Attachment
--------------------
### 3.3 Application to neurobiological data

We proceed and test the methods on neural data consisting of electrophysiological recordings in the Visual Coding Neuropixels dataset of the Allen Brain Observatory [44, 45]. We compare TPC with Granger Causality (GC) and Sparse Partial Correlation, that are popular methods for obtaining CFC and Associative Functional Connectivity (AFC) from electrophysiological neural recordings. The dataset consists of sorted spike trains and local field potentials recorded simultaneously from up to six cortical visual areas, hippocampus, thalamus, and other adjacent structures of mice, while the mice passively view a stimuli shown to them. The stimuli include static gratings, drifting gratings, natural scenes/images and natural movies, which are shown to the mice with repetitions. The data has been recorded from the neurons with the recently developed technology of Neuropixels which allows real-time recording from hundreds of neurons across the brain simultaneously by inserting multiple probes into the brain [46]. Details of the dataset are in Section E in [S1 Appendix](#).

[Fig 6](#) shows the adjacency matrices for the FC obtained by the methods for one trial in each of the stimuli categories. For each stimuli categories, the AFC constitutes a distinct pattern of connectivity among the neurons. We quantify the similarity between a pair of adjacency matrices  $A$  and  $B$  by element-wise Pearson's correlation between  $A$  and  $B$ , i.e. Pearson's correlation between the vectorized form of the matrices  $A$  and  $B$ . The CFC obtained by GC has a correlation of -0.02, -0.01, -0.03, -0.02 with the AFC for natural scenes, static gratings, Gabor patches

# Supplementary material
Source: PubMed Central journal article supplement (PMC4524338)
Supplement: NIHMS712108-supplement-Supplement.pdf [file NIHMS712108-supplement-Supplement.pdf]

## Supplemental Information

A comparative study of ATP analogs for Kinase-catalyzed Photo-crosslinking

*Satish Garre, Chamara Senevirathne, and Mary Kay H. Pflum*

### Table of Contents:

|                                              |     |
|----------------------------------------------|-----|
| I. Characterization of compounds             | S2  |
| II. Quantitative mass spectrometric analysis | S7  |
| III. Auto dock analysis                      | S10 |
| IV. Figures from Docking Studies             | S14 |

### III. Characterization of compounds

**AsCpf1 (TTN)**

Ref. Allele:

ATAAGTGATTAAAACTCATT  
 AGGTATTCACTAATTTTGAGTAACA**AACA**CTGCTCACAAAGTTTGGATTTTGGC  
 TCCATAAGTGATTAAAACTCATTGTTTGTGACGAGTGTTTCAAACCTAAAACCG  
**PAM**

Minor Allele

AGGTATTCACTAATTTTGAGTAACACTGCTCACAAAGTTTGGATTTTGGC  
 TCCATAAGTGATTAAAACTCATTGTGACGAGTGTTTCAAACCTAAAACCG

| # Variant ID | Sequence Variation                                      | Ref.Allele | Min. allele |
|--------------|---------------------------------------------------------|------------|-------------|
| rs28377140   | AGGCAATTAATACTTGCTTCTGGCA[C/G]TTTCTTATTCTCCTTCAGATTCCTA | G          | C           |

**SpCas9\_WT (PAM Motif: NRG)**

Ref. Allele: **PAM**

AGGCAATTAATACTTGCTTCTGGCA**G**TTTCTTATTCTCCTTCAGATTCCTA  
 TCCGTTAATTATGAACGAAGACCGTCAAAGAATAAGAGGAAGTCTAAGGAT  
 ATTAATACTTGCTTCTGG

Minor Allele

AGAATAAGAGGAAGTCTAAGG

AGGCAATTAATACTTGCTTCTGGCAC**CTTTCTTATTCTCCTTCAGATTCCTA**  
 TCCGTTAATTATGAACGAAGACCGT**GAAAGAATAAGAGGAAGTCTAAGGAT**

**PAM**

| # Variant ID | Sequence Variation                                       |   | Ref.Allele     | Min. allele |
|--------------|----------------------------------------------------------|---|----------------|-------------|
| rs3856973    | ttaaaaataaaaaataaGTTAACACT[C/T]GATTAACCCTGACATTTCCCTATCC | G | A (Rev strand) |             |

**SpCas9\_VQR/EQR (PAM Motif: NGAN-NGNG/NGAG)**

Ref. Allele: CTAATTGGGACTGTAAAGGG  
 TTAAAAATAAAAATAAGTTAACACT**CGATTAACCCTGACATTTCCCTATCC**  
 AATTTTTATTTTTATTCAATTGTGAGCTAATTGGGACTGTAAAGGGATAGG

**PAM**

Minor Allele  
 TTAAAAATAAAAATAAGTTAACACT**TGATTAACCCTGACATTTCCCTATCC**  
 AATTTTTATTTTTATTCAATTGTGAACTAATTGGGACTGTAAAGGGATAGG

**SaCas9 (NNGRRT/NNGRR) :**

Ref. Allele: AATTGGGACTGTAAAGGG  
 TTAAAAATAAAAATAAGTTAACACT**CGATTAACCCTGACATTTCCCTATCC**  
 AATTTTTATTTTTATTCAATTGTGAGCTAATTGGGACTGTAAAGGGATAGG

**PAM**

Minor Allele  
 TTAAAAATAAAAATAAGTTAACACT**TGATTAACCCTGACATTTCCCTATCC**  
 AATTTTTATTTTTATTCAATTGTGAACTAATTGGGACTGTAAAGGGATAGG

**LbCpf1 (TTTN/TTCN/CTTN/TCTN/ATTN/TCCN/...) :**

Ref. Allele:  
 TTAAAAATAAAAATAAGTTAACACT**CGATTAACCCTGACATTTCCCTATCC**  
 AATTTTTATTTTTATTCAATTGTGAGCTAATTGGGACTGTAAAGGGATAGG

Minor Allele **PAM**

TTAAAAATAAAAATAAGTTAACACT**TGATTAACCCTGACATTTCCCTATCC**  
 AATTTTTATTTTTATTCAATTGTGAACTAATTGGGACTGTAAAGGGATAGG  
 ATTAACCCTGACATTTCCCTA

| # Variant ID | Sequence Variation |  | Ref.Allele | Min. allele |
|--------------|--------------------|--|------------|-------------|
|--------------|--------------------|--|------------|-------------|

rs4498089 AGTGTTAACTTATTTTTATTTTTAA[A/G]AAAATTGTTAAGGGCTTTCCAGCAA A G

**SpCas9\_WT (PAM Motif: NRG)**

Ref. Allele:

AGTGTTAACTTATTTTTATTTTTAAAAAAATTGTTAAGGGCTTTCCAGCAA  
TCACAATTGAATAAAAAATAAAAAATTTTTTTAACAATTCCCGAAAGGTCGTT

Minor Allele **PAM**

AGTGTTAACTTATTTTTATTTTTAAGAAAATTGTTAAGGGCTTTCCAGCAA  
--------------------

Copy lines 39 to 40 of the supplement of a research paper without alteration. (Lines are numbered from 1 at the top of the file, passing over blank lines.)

**PAM**

| # Variant ID | Sequence Variation                                       |   | Ref.Allele     | Min. allele |